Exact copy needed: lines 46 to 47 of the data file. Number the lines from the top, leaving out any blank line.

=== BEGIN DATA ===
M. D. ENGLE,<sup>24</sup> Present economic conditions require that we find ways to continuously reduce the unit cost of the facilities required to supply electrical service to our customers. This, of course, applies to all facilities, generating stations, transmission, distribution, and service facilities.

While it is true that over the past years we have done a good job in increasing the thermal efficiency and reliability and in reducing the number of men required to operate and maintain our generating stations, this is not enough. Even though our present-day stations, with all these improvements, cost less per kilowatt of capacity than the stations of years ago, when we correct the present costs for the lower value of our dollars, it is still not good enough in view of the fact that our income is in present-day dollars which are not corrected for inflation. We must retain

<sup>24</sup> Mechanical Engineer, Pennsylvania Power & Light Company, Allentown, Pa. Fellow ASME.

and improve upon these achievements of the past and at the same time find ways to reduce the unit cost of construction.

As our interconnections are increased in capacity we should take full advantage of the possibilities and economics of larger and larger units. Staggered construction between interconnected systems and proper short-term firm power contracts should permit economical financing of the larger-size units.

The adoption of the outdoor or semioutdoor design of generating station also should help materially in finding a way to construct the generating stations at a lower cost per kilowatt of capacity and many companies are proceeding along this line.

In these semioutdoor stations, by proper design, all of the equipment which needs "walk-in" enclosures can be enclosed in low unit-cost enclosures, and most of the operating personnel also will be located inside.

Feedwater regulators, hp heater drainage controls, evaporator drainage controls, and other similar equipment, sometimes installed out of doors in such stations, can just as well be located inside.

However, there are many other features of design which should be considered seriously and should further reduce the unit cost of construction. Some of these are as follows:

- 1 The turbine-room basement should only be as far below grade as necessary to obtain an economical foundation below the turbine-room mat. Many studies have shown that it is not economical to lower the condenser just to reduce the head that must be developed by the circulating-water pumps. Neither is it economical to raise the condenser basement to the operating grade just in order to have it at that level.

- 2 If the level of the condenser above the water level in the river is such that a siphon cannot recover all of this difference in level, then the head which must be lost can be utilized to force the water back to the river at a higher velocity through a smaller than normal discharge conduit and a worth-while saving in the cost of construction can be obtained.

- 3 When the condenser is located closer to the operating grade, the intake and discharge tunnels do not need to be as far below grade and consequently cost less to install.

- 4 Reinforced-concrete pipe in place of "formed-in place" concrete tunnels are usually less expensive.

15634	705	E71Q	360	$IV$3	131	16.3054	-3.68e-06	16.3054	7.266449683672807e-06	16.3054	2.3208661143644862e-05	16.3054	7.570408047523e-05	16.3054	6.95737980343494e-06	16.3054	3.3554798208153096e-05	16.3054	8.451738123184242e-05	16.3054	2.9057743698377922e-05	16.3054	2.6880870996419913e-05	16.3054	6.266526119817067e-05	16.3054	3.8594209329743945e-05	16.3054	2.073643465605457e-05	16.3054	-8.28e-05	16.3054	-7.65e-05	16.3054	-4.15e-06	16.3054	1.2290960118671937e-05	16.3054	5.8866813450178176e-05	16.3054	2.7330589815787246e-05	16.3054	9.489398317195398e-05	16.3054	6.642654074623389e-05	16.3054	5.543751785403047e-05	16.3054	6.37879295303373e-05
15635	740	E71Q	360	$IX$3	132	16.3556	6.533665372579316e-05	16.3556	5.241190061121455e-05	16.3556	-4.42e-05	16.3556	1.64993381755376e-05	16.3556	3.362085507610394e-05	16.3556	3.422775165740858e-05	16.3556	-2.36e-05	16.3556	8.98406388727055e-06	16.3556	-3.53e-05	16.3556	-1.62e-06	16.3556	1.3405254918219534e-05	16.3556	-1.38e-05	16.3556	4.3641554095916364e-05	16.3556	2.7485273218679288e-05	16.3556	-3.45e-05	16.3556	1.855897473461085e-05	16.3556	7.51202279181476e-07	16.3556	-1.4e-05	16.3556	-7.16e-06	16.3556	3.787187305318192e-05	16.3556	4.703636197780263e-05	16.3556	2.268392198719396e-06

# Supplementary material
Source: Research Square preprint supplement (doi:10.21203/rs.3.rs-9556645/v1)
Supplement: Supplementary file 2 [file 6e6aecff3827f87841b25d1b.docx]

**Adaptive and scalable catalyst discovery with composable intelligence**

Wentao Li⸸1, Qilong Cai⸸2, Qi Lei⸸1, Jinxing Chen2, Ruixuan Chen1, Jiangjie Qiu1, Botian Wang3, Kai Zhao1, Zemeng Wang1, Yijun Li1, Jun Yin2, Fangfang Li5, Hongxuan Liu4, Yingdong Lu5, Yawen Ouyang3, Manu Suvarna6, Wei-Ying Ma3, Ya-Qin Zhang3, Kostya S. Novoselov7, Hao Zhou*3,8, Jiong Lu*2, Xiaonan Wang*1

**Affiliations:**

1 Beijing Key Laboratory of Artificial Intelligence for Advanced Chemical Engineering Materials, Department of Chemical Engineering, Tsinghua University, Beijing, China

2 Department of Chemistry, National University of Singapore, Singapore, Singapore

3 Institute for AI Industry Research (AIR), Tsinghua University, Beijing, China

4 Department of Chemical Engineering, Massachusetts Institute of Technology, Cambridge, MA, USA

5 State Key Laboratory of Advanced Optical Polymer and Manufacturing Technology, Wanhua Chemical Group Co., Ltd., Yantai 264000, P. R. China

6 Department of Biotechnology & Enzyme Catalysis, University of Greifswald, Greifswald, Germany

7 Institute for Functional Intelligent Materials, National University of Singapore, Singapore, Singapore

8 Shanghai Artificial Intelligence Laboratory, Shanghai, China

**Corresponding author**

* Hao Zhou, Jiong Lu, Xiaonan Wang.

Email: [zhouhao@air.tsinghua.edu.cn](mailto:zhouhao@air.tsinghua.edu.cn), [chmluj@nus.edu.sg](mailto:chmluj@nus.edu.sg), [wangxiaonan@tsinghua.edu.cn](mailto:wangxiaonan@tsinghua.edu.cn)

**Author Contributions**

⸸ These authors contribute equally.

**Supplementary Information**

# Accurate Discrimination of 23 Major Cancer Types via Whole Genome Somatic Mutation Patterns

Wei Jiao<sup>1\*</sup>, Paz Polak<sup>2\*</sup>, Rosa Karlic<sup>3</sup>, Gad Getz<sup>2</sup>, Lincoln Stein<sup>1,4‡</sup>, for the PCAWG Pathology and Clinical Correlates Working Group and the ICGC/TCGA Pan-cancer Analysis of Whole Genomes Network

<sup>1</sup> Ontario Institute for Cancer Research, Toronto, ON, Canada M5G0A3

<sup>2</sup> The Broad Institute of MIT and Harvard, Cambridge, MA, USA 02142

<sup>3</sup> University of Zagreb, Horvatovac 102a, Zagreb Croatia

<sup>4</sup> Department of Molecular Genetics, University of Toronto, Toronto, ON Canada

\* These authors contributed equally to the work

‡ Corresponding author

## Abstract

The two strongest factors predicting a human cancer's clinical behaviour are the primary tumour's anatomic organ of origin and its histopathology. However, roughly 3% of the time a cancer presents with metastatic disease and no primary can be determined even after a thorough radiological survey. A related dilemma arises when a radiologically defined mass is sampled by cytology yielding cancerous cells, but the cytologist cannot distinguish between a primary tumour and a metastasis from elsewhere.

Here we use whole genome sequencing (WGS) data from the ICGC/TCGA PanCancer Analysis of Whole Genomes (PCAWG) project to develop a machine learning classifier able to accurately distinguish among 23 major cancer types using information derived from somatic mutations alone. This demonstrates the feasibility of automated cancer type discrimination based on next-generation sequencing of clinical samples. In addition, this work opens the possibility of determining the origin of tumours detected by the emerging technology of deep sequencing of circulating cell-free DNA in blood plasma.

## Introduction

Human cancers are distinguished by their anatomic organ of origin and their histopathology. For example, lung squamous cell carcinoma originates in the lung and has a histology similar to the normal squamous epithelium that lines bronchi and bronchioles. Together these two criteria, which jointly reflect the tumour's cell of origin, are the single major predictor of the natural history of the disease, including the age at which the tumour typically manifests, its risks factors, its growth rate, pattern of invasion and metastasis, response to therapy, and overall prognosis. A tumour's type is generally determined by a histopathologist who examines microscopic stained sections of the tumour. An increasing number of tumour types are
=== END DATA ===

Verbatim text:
Here we use whole genome sequencing (WGS) data from the ICGC/TCGA PanCancer Analysis of Whole Genomes (PCAWG) project to develop a machine learning classifier able to accurately distinguish among 23 major cancer types using information derived from somatic mutations alone. This demonstrates the feasibility of automated cancer type discrimination based on next-generation sequencing of clinical samples. In addition, this work opens the possibility of determining the origin of tumours detected by the emerging technology of deep sequencing of circulating cell-free DNA in blood plasma.

## Introduction